Reprocessing of Reusable Medical Devices
Reusable medical devices are devices that health care providers can reuse to diagnose and treat multiple patients. Examples of reusable medical devices include surgical forceps, endoscopes and stethoscopes.
When used on patients, reusable devices become soiled and contaminated with microorganisms. To avoid any risk of infection by a contaminated device, reusable devices undergo "reprocessing," a detailed, multistep process to clean and then disinfect or sterilize them. When the labeling instructions for reprocessing are completely and correctly followed after each use of the device, reprocessing results in a medical device that can be safely used more than once in the same patient, or in more than one patient. Adequate reprocessing of reusable medical devices is vital to protecting patient safety.
Inadequate cleaning between patient uses can result in the retention of blood, tissue and other biological debris (soil) in certain types of reusable medical devices. This debris can allow microbes to survive the subsequent disinfection or sterilization process, which could then lead to Health care-Associated Infections (HAIs). Inadequate reprocessing can also result in other adverse patient outcomes such as tissue irritation from residual reprocessing materials, like chemical disinfectants.
Reducing the risk of exposure to improperly reprocessed medical devices is a shared responsibility among various stakeholders. This includes the FDA; health care facilities responsible for cleaning, sterilizing or disinfecting the devices; manufacturers responsible for providing adequate reprocessing instructions that are user-friendly and proven to work; and other organizations.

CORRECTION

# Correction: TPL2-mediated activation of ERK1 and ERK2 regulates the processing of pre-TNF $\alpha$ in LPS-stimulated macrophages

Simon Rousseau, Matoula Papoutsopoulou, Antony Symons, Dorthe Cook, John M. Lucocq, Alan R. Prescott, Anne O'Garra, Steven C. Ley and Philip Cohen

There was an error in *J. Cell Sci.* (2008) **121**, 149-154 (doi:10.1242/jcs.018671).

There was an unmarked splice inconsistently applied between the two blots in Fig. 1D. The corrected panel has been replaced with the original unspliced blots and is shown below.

The risk of acquiring such an infection from an inadequately reprocessed medical device is relatively low given the large number of such devices in use, although the potential for outbreaks of infection associated with their use remains an important public health concern. In addition, infections from inadequately reprocessed devices are not often recognized or reported to the FDA. The number of HAIs that can be attributed to inadequate device reprocessing is unknown because it is not often investigated as a cause of HAI.
FDA’s evaluation of available information including reports from health care facilities indicates that there are ways to improve the reprocessing of reusable medical devices. For example, manufacturer instructions for cleaning and the high-level disinfection or sterilization of devices and their accessories are sometimes unclear, incomplete, difficult to obtain from the manufacturer, or impractical for the clinical environment; and in some cases debris was retained in devices despite following manufacturer instructions.
In addition, the FDA continues to collaborate with the University of Michigan on the effectiveness of manufacturer instructions. This early research showed that in some instances, despite following manufacturer instructions, debris was retained in a device.
The FDA is taking steps to reduce the risk of infection from reprocessed reusable devices. We used our unique vantage point, where we review premarket and postmarket information from all manufacturers and reprocessed device types, to communicate clear regulatory requirements, to promote good manufacturing requirements, and to work with manufacturers to address public health concerns that arise after a device has entered the market. As a public health agency, FDA raises awareness of public health concerns and promotes collaboration among all stakeholders, including manufacturers, health care facilities and staff, accrediting organizations, professional organizations, standards setting organizations, and government agencies. For more information, see the Working Together to Improve Reusable Medical Device Reprocessing page.
On this website you can learn more about reprocessing of reusable medical devices, the challenges of reprocessing and ways the FDA is helping address problems with today's reprocessed devices while facilitating improvements in innovative design of the next generation of these devices. In addition, you can learn how to report reprocessing problems to the FDA.
Note: This website does NOT include reprocessing of single-use-only medical devices.